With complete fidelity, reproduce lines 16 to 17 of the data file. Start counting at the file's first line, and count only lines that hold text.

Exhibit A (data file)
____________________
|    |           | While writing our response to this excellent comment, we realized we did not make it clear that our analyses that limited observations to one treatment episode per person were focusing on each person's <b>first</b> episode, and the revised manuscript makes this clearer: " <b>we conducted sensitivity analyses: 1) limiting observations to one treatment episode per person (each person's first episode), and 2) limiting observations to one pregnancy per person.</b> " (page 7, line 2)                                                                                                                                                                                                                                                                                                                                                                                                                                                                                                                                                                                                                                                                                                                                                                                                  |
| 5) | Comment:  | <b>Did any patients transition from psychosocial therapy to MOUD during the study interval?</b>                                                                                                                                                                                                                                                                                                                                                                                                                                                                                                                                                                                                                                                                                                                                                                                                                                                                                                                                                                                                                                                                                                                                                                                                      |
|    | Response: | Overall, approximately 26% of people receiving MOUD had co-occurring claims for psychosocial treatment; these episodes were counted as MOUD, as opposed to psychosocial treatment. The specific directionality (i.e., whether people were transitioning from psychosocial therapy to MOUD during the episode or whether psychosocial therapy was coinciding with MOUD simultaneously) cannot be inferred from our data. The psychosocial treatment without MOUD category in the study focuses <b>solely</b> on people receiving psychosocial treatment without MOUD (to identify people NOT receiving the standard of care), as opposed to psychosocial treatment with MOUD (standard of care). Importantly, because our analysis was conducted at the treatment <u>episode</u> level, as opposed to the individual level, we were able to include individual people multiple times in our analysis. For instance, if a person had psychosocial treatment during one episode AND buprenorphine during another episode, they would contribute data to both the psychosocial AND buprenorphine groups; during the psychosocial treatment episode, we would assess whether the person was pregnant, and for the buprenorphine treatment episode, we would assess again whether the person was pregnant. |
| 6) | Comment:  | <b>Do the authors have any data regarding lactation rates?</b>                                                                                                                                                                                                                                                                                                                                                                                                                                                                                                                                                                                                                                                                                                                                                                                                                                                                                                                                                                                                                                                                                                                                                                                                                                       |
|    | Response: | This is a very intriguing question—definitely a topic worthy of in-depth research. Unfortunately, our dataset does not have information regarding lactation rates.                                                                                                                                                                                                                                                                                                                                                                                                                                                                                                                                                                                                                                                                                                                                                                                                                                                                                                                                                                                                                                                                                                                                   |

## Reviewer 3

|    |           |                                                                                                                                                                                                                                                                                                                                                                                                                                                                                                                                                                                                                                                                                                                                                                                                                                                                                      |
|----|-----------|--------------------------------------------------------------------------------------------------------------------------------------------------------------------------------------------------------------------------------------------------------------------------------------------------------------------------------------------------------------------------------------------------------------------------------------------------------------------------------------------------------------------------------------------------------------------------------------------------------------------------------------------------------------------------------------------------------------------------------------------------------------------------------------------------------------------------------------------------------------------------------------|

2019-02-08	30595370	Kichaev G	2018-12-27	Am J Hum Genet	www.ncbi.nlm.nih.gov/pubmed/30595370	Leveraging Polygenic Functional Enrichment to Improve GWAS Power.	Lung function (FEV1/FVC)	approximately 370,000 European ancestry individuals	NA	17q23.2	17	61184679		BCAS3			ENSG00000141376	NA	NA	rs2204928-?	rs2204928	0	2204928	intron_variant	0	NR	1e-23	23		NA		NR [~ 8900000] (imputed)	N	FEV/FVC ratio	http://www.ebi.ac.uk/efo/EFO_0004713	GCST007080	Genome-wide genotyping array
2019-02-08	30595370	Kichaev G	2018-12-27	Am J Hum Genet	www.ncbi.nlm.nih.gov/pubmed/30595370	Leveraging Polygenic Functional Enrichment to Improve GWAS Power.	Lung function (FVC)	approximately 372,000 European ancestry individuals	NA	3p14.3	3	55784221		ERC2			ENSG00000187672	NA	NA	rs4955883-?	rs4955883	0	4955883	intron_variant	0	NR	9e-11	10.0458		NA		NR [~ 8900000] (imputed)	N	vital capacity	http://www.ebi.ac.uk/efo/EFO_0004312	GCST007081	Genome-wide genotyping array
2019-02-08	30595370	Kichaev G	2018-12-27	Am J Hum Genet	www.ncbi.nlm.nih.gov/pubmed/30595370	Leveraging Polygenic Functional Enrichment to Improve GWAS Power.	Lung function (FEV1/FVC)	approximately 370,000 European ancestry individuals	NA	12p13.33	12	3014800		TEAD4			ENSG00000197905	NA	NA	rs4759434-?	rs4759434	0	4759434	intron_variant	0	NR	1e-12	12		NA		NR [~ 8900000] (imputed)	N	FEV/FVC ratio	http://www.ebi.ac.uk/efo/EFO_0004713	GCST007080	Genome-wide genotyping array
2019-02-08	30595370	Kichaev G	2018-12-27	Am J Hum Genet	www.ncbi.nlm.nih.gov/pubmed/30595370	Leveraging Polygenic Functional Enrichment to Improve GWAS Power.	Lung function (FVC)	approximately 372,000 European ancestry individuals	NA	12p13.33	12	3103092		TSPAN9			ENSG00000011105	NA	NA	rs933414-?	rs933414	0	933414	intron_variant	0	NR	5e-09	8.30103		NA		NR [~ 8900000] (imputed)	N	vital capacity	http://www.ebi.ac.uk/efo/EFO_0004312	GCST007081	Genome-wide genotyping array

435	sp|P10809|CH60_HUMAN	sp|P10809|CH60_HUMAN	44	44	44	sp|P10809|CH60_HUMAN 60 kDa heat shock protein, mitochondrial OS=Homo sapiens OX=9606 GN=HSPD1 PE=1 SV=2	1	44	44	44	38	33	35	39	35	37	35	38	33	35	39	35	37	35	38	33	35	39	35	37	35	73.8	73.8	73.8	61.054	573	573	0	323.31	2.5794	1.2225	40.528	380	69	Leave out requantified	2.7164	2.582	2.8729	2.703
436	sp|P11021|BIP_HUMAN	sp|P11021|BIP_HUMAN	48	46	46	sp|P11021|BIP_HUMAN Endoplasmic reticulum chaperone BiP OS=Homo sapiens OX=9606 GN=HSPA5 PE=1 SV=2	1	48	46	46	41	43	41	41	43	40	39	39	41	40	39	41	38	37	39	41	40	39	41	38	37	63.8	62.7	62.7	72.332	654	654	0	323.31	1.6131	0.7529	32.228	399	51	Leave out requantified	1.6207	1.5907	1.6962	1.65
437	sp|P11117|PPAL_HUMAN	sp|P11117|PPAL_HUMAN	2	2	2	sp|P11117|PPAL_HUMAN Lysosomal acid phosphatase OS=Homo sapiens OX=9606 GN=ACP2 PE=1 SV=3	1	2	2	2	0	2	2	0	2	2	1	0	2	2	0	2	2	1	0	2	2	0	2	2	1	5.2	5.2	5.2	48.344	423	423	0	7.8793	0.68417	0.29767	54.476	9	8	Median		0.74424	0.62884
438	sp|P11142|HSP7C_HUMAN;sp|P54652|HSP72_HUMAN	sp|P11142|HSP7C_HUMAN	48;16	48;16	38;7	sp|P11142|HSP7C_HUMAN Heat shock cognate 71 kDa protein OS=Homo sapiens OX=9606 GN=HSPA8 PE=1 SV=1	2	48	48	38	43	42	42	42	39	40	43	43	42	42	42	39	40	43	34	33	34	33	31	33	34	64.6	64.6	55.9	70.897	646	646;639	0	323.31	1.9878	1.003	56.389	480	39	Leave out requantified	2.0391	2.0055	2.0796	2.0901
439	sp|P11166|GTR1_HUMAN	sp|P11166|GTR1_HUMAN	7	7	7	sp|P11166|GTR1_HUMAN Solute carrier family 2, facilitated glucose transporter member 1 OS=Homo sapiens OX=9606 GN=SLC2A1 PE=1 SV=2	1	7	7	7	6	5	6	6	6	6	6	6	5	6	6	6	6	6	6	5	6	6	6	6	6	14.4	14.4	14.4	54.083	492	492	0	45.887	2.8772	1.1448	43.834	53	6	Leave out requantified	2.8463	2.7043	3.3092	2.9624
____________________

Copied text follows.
438	sp|P11142|HSP7C_HUMAN;sp|P54652|HSP72_HUMAN	sp|P11142|HSP7C_HUMAN	48;16	48;16	38;7	sp|P11142|HSP7C_HUMAN Heat shock cognate 71 kDa protein OS=Homo sapiens OX=9606 GN=HSPA8 PE=1 SV=1	2	48	48	38	43	42	42	42	39	40	43	43	42	42	42	39	40	43	34	33	34	33	31	33	34	64.6	64.6	55.9	70.897	646	646;639	0	323.31	1.9878	1.003	56.389	480	39	Leave out requantified	2.0391	2.0055	2.0796	2.0901
439	sp|P11166|GTR1_HUMAN	sp|P11166|GTR1_HUMAN	7	7	7	sp|P11166|GTR1_HUMAN Solute carrier family 2, facilitated glucose transporter member 1 OS=Homo sapiens OX=9606 GN=SLC2A1 PE=1 SV=2	1	7	7	7	6	5	6	6	6	6	6	6	5	6	6	6	6	6	6	5	6	6	6	6	6	14.4	14.4	14.4	54.083	492	492	0	45.887	2.8772	1.1448	43.834	53	6	Leave out requantified	2.8463	2.7043	3.3092	2.9624